The Training Teams’ vision for 2023 is to “empower users to achieve their goals with WordPress through actionable and practical learning experiences that bring the community together.”
One way that this vision can be achieved is through the concept of course cohorts.
A course cohort is defined as a group of people who go through a learning journey at the same time. Course cohorts can be run asynchronously, but include planned synchronous sessions for group-related activities. Course cohorts usually follow aspects of social learning, where the group can interact with each other, and learn from each other.
This post is a proposal for how the Training Team could run course cohorts. The idea behind this post is to look at how the Training Team could plan, market, and execute course cohorts using the available course content on Learn WordPress. Ultimately, once feedback has been gathered from the Training Team and the WordPress community, this proposal can be turned into a handbook entry and used to launch the first Learn WordPress course cohort.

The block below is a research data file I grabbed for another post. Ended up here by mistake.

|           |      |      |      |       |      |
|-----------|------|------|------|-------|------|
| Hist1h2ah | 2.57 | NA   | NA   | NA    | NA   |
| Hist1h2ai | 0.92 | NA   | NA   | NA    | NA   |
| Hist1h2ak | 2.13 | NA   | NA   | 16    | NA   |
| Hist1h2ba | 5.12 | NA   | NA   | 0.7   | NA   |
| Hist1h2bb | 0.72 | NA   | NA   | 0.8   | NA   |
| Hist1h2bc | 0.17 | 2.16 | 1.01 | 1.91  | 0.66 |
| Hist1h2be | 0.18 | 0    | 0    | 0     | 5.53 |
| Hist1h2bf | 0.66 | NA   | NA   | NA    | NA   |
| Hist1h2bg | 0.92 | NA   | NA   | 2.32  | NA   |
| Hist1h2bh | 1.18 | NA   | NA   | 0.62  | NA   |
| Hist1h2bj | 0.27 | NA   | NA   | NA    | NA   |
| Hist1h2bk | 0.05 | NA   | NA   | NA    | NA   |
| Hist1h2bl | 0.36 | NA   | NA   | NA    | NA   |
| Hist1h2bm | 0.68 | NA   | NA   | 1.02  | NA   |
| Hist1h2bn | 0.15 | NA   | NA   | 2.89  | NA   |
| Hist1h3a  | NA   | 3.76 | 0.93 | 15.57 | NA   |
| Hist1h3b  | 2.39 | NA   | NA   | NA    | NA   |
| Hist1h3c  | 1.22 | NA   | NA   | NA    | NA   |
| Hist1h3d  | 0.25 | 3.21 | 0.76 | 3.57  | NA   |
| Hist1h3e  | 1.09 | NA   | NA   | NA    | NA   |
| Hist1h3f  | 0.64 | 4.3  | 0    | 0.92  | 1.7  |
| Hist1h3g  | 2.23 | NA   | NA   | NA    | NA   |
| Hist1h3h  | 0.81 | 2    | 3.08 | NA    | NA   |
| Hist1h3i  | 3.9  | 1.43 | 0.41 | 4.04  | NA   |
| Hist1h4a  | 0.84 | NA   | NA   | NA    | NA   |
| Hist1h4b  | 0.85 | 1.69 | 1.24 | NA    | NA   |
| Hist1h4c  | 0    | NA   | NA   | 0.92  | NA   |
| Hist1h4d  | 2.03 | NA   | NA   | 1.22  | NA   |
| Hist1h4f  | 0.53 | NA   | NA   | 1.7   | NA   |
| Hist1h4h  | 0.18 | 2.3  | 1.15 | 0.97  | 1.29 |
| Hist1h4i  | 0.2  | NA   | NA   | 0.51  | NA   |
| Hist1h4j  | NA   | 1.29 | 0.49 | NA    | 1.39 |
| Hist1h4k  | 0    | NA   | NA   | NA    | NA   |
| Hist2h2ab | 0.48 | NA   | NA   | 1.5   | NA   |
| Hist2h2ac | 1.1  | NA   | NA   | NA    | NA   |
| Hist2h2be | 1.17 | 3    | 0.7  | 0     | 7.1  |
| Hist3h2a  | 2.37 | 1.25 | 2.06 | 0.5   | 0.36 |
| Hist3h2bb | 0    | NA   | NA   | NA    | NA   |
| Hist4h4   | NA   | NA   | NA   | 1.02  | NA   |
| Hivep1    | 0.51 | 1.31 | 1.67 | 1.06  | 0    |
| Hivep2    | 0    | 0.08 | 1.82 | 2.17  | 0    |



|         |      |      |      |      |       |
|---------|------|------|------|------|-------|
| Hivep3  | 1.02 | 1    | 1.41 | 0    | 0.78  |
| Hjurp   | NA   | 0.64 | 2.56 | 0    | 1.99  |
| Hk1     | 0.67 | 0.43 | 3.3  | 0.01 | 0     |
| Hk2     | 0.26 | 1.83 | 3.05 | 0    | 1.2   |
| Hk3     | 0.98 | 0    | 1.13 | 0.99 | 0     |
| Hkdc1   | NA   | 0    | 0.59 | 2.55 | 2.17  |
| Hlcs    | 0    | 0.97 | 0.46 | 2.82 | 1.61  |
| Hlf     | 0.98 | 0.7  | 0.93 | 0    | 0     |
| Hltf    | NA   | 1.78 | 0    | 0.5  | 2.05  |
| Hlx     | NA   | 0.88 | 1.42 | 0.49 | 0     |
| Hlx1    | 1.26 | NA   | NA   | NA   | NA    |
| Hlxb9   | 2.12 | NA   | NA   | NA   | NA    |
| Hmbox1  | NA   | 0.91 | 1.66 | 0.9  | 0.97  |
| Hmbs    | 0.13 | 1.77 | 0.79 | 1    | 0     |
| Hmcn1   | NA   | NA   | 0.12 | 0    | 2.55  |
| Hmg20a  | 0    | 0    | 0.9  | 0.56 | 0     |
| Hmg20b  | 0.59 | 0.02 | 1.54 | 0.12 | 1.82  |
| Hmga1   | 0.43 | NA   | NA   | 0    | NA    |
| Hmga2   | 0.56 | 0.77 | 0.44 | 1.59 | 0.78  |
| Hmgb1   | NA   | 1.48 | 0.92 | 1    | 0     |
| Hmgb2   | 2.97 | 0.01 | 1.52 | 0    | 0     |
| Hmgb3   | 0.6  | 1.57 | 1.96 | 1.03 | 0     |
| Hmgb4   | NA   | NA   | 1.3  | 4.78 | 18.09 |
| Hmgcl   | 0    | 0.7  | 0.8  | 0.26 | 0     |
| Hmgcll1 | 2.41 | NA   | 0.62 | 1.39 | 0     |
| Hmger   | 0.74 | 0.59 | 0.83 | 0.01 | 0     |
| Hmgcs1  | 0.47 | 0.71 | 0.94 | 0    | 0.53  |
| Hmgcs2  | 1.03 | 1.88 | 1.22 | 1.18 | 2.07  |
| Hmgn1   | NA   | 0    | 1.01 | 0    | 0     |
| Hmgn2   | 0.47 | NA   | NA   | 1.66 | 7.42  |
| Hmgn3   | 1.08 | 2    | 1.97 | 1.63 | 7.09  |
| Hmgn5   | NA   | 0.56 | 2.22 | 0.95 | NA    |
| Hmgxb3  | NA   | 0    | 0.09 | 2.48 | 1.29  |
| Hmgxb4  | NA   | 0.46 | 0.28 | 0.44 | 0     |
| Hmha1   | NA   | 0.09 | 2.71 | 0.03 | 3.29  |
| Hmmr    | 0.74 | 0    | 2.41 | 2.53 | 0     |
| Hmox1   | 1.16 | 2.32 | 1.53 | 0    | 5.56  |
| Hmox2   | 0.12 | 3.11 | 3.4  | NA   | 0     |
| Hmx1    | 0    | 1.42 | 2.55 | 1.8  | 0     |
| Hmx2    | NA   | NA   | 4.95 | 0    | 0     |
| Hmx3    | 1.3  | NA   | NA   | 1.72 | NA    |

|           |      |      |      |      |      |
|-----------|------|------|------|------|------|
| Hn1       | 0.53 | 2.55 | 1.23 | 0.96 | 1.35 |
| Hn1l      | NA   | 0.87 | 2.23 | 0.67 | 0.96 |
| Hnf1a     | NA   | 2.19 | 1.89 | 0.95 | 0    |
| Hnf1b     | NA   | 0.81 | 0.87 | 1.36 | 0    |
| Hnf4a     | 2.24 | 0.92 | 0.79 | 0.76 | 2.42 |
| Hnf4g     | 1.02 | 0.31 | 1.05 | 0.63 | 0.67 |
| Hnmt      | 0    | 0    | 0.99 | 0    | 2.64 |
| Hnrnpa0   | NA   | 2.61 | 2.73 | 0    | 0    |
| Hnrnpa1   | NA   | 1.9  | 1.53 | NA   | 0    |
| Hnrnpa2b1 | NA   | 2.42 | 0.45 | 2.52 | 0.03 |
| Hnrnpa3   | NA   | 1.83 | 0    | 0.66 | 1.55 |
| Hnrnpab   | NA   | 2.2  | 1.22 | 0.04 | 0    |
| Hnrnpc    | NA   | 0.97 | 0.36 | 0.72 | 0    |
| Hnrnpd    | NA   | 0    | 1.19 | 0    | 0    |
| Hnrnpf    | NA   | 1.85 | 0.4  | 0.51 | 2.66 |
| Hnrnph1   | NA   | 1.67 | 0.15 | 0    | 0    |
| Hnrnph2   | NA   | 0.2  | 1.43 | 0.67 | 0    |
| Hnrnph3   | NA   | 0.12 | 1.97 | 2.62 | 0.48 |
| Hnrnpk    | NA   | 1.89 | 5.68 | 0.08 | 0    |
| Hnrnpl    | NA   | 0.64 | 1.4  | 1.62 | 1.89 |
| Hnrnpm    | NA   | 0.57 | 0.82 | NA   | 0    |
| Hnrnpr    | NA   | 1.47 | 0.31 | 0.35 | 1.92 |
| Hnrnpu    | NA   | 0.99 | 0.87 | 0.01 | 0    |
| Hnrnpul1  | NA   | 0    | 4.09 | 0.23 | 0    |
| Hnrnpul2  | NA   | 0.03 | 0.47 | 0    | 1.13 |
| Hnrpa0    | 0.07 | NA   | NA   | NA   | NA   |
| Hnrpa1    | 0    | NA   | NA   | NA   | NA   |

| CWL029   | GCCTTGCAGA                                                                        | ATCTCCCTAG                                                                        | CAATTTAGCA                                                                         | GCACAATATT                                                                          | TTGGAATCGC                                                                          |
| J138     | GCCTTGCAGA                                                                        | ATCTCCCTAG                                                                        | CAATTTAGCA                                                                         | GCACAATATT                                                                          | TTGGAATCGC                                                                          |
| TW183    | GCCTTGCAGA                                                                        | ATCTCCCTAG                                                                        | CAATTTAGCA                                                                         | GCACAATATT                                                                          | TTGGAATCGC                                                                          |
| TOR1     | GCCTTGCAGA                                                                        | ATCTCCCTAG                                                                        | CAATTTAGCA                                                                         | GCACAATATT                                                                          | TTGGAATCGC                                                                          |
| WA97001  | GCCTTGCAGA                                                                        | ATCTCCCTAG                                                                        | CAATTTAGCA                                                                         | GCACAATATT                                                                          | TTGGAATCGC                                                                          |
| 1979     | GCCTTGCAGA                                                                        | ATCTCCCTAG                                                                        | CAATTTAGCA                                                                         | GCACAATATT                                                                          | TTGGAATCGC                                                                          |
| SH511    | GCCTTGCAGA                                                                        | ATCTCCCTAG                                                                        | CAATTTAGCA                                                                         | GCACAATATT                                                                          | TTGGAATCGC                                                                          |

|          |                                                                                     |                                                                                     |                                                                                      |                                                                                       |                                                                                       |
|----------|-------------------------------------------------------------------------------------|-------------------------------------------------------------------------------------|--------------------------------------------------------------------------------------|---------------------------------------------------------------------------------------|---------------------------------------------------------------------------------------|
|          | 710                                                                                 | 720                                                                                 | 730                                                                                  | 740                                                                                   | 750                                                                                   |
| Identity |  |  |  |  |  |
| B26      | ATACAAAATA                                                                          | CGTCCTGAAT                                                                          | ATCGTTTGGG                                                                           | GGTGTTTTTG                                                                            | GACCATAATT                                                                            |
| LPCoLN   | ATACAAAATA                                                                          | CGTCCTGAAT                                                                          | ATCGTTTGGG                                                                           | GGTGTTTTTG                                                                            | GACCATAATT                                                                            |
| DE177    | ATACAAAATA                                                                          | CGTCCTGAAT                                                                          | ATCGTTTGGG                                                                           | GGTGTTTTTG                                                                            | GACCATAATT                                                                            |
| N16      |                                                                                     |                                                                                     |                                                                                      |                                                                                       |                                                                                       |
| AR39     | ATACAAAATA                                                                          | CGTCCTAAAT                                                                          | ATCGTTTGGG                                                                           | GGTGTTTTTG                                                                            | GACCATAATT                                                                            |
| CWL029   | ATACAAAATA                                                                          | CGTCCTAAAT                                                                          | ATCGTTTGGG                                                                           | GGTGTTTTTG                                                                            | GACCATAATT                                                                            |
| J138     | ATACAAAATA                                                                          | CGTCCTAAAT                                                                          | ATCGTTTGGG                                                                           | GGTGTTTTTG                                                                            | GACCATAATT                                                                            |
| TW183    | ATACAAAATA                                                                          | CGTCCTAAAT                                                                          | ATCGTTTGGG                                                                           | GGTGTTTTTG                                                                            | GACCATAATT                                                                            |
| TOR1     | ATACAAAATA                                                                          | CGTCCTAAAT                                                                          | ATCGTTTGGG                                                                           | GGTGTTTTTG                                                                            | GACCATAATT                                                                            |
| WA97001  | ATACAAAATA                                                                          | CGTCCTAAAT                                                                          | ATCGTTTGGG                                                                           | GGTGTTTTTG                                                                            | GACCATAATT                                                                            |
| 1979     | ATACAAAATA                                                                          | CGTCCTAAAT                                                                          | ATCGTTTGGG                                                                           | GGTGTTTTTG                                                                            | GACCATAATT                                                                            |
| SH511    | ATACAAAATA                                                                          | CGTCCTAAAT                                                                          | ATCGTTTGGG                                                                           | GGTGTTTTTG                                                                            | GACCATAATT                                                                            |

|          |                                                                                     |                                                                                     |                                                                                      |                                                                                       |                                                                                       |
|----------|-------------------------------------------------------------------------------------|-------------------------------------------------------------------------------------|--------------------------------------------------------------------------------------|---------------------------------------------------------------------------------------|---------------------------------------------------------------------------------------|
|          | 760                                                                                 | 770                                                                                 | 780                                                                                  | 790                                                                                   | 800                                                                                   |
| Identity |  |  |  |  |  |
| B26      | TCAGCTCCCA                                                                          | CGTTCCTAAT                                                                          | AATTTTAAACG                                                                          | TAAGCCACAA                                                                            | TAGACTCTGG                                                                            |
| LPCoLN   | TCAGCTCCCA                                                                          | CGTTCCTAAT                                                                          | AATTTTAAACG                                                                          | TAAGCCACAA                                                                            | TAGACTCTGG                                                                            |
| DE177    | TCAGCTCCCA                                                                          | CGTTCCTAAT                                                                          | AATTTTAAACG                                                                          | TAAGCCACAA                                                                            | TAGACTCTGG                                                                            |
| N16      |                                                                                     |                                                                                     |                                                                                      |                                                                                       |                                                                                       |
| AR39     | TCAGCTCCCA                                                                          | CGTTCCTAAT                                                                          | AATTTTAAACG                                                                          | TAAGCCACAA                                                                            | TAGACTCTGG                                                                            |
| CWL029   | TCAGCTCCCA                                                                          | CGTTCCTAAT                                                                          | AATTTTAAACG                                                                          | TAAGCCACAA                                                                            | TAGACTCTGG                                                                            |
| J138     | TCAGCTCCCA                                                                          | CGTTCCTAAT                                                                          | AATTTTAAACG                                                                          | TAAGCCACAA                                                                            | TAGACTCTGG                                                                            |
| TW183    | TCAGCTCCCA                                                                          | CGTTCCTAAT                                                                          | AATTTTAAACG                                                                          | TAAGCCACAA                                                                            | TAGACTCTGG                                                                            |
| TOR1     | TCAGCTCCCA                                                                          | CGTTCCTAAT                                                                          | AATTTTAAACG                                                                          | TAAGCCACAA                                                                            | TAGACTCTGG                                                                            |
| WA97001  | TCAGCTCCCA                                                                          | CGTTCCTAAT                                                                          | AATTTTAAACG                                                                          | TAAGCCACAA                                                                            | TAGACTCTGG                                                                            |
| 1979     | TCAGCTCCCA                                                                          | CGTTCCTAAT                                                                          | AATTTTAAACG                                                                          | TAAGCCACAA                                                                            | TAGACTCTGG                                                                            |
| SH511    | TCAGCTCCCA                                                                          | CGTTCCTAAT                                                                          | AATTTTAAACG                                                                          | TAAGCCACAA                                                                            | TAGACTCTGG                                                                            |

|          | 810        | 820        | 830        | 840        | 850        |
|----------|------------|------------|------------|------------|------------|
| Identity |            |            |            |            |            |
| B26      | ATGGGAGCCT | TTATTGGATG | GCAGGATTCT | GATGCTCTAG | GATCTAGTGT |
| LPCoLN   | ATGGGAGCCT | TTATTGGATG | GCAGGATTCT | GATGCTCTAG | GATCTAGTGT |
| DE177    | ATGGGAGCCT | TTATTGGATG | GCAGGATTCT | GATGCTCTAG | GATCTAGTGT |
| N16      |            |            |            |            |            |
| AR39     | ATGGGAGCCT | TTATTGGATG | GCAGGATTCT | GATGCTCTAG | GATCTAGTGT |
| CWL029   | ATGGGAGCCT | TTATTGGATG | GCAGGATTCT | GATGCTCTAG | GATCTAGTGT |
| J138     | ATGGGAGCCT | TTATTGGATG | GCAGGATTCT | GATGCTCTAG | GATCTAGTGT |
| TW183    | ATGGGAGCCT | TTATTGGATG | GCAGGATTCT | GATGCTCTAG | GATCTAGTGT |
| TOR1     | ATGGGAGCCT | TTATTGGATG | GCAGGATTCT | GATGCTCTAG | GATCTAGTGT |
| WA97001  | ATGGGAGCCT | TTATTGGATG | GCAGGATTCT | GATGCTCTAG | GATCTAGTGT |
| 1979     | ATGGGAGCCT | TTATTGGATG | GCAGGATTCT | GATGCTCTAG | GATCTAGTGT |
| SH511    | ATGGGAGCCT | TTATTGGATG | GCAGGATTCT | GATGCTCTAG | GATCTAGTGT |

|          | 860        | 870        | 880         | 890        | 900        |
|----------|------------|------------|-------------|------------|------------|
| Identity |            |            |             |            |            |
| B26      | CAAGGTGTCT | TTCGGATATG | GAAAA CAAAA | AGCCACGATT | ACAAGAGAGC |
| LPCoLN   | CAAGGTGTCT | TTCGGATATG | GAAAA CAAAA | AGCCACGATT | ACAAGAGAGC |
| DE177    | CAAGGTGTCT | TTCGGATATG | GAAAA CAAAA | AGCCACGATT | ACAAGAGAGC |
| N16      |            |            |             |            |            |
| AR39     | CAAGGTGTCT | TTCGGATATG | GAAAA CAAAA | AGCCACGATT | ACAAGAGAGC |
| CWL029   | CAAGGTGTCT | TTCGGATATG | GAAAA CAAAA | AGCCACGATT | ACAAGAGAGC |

- Attendee availability
- Attendee location/timezones
- Course material
- Asynchronous access to content
- Group leadership
- Attendee engagement
- Defining success
Given the open source Open Source denotes software for which the original source code is made freely available and may be redistributed and modified. Open Source **must be** delivered via a licensing model, see GPL./self-paced learning environment of Learn WordPress, we cannot assume that attendees have large amounts of dedicated time to apply to a course cohort. The nature of a cohort is that it has to have a set start and end date. It is also not ideal to require attendees to commit to lengthy cohorts, as they might lose interest, thereby affecting completion rates.
For this reason, it’s recommended that a course cohort based on Learn WordPress content not be longer than 4 – 6 weeks.